Wed 6th March 2019
12:00-13:00 GMT

Location

Bush House NE 2.02
Strand Campus, King’s College London
Strand
London
WC2R 2LS

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EVENT | Early Career Research Talks 2019

Join us for a series of Early Career Research Talks given by colleagues from the Department of Digital Humanities. There are seven in total, running between January 2019 and May 2019. For more details, please see the poster below.

If you tweet about the event you can use the #kingsdhhashtag or mention @kingsdh.

Project | Technologically Fabricated Intimacy

Blending research-­focused and performance-­driven critique, the project addresses the implications of hyper-­connectivity in intimate relations by looking at the mechanics of blockchain technologies applied to dating cultures.

Dr Alessandro Gandini  – academic lead

Marija Bozinovska Jones  – artistic lead

Technologically Fabricated Intimacy – dating apps, gamification and blockchain technologies is a collaboration between King’s College London’s Department of Digital Humanities and artist Marjia Bozinovska Jones, brokered and supported by the Cultural Institute at King’s in partnership with Somerset House Studios.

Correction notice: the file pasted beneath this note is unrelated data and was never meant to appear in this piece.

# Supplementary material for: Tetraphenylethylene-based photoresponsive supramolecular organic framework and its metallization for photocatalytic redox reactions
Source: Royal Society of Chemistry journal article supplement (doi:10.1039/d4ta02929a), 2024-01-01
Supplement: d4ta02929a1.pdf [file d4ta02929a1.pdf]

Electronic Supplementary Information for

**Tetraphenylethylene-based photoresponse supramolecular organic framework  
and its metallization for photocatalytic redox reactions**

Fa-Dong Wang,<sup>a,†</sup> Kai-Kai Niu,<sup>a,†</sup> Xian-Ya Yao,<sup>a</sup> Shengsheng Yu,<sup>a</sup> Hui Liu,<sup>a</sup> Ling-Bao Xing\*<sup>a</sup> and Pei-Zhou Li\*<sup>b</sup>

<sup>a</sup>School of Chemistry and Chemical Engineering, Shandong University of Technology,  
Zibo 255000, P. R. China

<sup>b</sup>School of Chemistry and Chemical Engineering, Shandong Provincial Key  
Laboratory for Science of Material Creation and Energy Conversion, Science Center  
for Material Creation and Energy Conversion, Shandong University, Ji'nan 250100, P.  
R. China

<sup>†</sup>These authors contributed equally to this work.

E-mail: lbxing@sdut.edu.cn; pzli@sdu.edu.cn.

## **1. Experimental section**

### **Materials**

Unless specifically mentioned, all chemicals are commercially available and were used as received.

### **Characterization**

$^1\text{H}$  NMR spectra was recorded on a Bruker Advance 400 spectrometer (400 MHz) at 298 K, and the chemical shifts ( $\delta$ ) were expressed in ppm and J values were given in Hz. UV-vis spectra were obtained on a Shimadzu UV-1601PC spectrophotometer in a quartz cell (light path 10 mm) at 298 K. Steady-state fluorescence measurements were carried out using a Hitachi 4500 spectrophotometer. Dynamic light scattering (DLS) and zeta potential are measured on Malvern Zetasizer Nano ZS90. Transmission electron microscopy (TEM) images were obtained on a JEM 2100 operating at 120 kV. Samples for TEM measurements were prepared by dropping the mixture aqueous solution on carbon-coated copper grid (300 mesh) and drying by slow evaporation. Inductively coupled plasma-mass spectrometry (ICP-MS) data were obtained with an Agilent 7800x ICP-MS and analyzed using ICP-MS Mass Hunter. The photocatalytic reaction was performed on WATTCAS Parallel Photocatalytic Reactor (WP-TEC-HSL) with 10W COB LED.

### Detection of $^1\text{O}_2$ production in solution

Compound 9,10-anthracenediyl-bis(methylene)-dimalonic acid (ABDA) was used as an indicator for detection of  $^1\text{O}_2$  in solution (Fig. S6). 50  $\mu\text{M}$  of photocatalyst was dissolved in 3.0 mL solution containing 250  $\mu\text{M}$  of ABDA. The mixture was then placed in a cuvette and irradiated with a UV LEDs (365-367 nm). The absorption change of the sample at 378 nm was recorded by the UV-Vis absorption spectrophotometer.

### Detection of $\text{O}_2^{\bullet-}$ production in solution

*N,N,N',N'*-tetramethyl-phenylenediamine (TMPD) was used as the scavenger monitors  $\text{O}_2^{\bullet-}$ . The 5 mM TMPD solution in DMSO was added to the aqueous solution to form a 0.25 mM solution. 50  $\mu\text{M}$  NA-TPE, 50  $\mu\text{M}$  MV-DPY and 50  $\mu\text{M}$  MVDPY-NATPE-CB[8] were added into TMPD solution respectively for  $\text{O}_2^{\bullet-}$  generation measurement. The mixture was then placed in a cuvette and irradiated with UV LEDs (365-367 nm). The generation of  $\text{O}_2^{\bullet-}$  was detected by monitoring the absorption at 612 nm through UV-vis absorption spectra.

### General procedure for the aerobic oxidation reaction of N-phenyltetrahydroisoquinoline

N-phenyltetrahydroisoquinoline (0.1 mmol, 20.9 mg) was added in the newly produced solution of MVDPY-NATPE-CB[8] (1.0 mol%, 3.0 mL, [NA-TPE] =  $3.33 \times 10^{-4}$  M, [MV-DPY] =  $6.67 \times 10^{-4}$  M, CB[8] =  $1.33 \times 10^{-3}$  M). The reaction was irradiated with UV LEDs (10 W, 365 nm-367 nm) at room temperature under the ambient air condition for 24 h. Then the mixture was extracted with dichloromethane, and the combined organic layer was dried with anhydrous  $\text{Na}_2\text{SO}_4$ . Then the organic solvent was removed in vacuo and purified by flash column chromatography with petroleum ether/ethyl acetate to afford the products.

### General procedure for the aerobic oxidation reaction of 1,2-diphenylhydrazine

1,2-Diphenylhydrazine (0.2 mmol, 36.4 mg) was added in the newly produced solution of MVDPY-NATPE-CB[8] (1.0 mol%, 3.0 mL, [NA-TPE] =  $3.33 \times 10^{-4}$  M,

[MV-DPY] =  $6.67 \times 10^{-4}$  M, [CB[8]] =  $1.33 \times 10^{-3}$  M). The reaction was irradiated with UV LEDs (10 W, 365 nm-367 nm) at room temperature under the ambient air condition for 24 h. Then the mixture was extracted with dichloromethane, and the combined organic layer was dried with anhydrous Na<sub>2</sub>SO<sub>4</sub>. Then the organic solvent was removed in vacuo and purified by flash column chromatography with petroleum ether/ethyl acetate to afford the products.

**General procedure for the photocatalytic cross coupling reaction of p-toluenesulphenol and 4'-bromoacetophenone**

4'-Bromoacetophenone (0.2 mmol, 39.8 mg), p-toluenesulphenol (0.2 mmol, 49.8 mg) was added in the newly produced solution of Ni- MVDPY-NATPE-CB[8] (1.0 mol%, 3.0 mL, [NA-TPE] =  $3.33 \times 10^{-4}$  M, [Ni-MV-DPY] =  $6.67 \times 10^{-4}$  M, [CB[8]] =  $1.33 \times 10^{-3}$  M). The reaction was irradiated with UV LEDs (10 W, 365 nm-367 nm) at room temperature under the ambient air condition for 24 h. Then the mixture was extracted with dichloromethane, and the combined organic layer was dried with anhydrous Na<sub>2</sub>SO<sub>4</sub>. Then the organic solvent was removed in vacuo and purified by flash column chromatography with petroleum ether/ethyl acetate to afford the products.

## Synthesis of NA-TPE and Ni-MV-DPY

Technologically Fabricated Intimacy – dating apps, gamification and blockchain technologies addresses how dating apps influence the forming of technologically-mediated intimate relationships. The project will explore what decentralised organisational models bring into online dating cultures. As social relations are mostly reduced to gamified versions of romantic exchanges, a grammar of aesthetical evaluation is applied onto representations of the self and put into play with digital technologies. Investigating new modes of sociality, the project will involve the sensory beyond visual, through movement, haptics, the olfactory and the audible. Staged as a Live Action Role Play connected via digital wallets, a group of gamers will delve into exploration of the issue of trust as a formalised concept, echoing the value system of the fintech industry.

Project team

Dr Alessandro Gandini  – academic lead